Volvo cars have always stood for outstanding durability and an advanced commitment to safety. Even today, it is not uncommon to see decades-old Volvo cars still on the roads with hundreds of thousands–or even 2.6 million–miles on the odometer.
So you’ve clocked 100,000 miles in your Volvo, and you’d like to keep driving it a while longer. If you’ve kept up regular maintenance, chances are it will still serve you well for many miles to come.
Now is the perfect time to have your Volvo checked out by a dealership or licensed service station, as plenty of vital car parts can begin to wear out at around 100,000 miles. Catching these often small, easy fixes before they turn into catastrophic problems is the key to maintaining the financial advantage that comes with keeping an older car.
100,000-Mile Volvo Inspection and Service: What Comes With It?
If your Volvo is just hitting 100,000 miles, chances are good it was made early or in the middle of the 2000s. Many Volvo cars of this era came with 5-cylinder engines known for durability but prone to catastrophic damage from timing belt failure and other maintenance issues.
A complete 100,000 mile service should include timing belt and water pump replacement, a complete brake overhaul, a full tune-up, the changing of fluids and any number of other small but important maintenance items. Make sure your mechanic checks turbocharger components if your car is equipped with one. This oft-overlooked maintenance item can be an issue with older-model Volvos.
The complete service may cost you a couple thousand dollars now, but will save you thousands more by preventing future repair expenses. It’s also a whole lot cheaper than buying a brand-new Volvo.
100,000-Mile Service and Volvo Safety
For more than 50 years, Volvo has led the industry in researching and developing first-to-market new safety technologies that quickly see adoption by the rest of the industry. Did you know that some of your Volvo’s safety features (besides just the brakes) need periodic checking and maintenance as well?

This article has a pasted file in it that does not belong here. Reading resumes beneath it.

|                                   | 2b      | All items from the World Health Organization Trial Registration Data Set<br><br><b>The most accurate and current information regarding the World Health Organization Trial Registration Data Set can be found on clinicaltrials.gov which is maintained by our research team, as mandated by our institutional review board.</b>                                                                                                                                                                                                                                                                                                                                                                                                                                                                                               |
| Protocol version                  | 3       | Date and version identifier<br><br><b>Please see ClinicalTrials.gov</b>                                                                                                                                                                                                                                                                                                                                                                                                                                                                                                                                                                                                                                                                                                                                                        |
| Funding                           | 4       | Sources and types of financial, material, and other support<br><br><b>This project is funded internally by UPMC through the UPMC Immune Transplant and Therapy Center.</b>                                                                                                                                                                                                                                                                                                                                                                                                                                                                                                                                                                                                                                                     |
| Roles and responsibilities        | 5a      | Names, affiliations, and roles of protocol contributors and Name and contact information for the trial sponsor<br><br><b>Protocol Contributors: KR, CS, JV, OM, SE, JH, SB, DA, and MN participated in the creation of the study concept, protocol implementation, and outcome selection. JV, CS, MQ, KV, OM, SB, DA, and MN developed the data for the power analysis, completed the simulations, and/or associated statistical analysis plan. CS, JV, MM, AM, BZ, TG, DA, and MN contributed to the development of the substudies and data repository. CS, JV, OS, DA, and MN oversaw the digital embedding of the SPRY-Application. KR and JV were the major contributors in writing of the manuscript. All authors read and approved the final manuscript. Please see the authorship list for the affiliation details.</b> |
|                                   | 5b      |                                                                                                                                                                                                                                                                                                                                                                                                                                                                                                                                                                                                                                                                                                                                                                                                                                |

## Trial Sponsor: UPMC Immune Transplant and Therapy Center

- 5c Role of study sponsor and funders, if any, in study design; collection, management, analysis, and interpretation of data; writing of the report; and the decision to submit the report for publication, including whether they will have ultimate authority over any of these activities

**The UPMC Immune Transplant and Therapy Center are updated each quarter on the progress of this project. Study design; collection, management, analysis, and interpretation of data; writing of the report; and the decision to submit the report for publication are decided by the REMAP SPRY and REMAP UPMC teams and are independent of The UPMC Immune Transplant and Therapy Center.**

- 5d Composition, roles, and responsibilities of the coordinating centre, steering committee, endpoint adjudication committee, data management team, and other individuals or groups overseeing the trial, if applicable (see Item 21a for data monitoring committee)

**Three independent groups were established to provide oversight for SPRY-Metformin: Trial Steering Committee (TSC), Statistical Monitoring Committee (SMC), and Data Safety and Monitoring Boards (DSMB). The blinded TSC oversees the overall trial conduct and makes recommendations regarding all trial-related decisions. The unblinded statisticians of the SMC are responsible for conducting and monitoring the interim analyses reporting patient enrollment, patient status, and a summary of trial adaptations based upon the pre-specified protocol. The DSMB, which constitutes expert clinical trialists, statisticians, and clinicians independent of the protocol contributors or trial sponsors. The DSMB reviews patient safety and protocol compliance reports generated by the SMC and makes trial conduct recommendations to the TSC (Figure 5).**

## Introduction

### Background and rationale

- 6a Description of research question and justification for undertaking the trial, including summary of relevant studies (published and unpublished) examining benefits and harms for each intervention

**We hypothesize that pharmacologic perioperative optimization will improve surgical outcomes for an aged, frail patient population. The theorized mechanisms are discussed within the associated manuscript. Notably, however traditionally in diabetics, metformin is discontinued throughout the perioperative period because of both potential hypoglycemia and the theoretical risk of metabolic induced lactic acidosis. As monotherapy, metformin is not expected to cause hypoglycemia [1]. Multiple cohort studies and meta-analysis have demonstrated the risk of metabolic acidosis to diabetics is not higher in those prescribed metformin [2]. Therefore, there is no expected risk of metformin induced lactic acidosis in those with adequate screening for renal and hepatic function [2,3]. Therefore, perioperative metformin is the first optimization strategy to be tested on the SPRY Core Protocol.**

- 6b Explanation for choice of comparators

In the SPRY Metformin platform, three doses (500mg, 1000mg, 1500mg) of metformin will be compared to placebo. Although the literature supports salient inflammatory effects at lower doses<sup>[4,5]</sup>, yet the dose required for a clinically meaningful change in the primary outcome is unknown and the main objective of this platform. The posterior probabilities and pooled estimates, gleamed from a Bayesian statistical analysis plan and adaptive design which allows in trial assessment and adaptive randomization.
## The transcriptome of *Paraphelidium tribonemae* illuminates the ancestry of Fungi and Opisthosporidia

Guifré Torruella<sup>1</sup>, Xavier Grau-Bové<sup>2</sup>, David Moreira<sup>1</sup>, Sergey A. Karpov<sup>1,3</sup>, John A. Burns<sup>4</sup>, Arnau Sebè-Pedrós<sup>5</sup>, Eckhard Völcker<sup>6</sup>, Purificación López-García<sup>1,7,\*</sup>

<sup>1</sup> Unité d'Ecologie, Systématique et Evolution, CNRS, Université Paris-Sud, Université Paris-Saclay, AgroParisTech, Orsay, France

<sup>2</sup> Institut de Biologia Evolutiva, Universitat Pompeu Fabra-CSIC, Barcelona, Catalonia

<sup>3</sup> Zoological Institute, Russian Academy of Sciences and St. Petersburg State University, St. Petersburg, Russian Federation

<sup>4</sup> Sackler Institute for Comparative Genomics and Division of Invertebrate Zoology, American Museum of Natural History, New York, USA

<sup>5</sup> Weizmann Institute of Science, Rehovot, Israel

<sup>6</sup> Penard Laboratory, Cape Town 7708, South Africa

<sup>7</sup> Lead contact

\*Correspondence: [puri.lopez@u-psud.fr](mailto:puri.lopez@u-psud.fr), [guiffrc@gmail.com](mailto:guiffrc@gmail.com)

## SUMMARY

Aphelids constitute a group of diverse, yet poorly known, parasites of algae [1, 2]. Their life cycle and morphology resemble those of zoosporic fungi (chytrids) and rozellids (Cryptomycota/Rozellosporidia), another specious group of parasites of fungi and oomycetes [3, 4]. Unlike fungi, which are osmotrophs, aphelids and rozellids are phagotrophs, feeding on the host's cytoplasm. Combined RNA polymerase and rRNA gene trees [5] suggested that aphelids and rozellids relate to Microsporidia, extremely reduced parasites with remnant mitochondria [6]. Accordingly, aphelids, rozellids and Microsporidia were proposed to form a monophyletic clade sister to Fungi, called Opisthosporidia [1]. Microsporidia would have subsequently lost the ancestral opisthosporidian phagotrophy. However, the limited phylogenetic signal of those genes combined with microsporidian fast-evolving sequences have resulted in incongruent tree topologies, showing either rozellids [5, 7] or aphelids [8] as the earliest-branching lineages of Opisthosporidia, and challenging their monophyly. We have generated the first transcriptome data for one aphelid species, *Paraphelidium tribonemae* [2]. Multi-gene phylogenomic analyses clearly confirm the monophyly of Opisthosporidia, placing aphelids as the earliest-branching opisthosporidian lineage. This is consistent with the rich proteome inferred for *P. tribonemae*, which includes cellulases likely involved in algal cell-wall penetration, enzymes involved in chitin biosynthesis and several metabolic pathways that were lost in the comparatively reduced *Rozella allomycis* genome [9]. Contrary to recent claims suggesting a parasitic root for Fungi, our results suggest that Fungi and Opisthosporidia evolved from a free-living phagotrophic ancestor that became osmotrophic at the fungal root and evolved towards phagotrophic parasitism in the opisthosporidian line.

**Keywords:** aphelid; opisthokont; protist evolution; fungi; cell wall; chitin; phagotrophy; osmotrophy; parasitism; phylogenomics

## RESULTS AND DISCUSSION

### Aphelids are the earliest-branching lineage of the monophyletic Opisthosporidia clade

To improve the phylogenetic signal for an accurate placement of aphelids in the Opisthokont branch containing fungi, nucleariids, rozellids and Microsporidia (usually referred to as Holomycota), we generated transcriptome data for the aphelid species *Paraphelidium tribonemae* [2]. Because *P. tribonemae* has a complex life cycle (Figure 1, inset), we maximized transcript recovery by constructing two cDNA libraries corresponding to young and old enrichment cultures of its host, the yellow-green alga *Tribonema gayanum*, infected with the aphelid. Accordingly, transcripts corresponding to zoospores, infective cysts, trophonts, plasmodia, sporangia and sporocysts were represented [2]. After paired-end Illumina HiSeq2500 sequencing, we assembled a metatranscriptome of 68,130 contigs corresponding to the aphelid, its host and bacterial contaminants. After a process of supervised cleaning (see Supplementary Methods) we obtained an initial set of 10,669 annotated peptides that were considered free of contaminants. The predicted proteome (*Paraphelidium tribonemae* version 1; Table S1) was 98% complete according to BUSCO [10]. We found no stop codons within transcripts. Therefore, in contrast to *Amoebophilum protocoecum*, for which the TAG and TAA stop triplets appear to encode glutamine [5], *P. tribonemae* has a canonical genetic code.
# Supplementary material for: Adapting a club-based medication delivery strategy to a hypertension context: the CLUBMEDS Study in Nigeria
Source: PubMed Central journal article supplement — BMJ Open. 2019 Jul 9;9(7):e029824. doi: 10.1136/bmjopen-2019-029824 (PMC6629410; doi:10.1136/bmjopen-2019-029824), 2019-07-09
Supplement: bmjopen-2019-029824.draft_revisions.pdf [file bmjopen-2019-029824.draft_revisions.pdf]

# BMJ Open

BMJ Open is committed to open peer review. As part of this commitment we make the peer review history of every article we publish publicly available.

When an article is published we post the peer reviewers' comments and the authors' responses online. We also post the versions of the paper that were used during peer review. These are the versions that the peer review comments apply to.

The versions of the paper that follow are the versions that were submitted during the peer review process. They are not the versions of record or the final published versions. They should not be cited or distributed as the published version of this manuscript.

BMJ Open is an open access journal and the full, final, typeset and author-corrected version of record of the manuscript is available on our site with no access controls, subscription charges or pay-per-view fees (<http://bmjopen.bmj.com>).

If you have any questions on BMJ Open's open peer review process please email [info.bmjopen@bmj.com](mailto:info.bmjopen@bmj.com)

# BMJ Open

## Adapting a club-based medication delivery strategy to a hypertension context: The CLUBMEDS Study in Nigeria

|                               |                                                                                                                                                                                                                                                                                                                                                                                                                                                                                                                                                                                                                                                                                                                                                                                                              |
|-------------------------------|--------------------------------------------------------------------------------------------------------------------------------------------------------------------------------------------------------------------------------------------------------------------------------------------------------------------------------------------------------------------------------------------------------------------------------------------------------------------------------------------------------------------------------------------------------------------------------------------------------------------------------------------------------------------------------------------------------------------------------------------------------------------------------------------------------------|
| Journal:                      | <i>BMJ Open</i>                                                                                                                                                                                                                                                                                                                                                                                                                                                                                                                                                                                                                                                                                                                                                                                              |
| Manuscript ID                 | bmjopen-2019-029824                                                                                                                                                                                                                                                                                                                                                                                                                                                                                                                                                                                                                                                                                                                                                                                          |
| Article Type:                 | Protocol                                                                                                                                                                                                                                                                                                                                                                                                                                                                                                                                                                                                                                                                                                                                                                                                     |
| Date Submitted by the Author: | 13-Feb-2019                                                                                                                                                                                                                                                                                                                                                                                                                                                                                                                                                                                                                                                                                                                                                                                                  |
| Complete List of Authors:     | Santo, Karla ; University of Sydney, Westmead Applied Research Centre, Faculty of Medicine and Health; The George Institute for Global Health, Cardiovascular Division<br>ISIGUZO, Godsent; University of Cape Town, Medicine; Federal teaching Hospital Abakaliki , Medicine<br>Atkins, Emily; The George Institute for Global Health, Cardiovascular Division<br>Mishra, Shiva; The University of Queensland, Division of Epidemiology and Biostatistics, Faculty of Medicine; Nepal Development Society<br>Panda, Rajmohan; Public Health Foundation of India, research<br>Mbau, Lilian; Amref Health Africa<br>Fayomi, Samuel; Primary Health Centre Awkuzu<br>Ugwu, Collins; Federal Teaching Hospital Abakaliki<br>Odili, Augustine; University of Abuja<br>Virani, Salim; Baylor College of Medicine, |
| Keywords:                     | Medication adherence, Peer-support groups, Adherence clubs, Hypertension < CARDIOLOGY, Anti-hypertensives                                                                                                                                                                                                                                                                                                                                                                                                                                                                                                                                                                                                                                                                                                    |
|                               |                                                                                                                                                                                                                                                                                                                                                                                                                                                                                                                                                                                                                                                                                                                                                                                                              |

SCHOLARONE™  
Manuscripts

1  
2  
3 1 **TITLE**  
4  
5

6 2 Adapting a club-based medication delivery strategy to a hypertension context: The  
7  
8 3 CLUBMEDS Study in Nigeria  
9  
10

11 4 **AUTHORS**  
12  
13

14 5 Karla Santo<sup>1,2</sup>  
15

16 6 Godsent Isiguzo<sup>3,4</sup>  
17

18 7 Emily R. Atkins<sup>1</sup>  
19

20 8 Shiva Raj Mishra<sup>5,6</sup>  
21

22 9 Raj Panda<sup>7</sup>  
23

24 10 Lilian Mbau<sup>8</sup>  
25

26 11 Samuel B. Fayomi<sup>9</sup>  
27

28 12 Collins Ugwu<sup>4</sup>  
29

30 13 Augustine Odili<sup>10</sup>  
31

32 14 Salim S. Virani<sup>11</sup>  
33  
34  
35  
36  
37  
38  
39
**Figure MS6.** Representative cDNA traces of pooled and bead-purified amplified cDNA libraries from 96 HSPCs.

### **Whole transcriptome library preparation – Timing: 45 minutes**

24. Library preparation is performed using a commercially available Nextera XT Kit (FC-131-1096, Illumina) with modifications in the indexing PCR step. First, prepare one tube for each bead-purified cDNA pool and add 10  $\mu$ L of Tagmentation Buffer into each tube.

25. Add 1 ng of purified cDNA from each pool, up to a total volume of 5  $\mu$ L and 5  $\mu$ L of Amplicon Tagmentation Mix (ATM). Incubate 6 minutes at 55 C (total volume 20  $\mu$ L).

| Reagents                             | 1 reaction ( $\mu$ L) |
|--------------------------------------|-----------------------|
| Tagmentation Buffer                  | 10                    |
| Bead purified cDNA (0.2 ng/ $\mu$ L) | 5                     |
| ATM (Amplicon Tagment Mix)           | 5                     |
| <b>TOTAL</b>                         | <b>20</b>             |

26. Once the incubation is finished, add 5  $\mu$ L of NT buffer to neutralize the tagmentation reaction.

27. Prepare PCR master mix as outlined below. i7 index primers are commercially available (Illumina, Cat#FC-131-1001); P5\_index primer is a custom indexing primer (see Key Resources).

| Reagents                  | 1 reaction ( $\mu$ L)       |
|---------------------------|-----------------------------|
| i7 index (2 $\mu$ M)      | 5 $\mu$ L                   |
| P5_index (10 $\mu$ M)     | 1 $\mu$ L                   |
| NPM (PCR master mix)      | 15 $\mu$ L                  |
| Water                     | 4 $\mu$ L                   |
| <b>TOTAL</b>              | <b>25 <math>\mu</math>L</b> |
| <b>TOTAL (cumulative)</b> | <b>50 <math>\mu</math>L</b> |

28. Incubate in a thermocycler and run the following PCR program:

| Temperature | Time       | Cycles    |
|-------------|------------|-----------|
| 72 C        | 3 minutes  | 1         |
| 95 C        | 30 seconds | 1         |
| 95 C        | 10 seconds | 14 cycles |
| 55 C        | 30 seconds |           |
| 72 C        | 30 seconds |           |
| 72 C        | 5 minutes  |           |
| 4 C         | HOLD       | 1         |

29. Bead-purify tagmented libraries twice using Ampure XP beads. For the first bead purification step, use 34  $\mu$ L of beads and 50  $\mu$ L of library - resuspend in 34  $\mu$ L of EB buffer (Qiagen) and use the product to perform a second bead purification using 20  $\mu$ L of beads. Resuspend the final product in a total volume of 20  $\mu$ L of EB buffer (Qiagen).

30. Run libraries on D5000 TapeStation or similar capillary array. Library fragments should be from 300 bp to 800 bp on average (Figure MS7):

Airbags must be inspected, and sometimes replaced, at 100,000 miles because a malfunctioning or punctured airbag can be worse than none at all. Burns can result when the airbag’s charge goes off improperly, negating its effects and causing even more problems.
Other Volvo safety systems like anti-lock brakes and some of the market’s earliest stability control systems should be checked for proper function. A well-maintained Volvo, with good tires and brakes, proper-functioning windshield wipers and maintenance items taken care of is the best bet in the industry to keep you and your family safe on the road.
The 100,000-Mile Myth
Common wisdom used to state that cars just plain old wore out at around 100,000 miles. For many brands, especially American cars and some of the more exotic European brands, this was very much the case. Volvos do not fall into that category.
From the 1960s to today, these well-built Swedish machines with their devoted following are built to last. Any Volvo built after 1985 can easily clock 200,000 miles with simple preventative maintenance and occasional repairs.
Still, as is the case with all European brands, Volvos can get quite pricey to fix when things do go wrong. Comprehensive repairs that may cost a few hundred dollars on a competing model can easily stretch into the thousands. A higher-mileage Volvo is still a great car and a great investment, but don’t neglect the service!
About the Author: Jen Peters is an author and published car blogger, with a thing for Swedish engineering – hey, if you’re in need of a taxi in the Seattle-area, check out: http://www.stitataxi.com/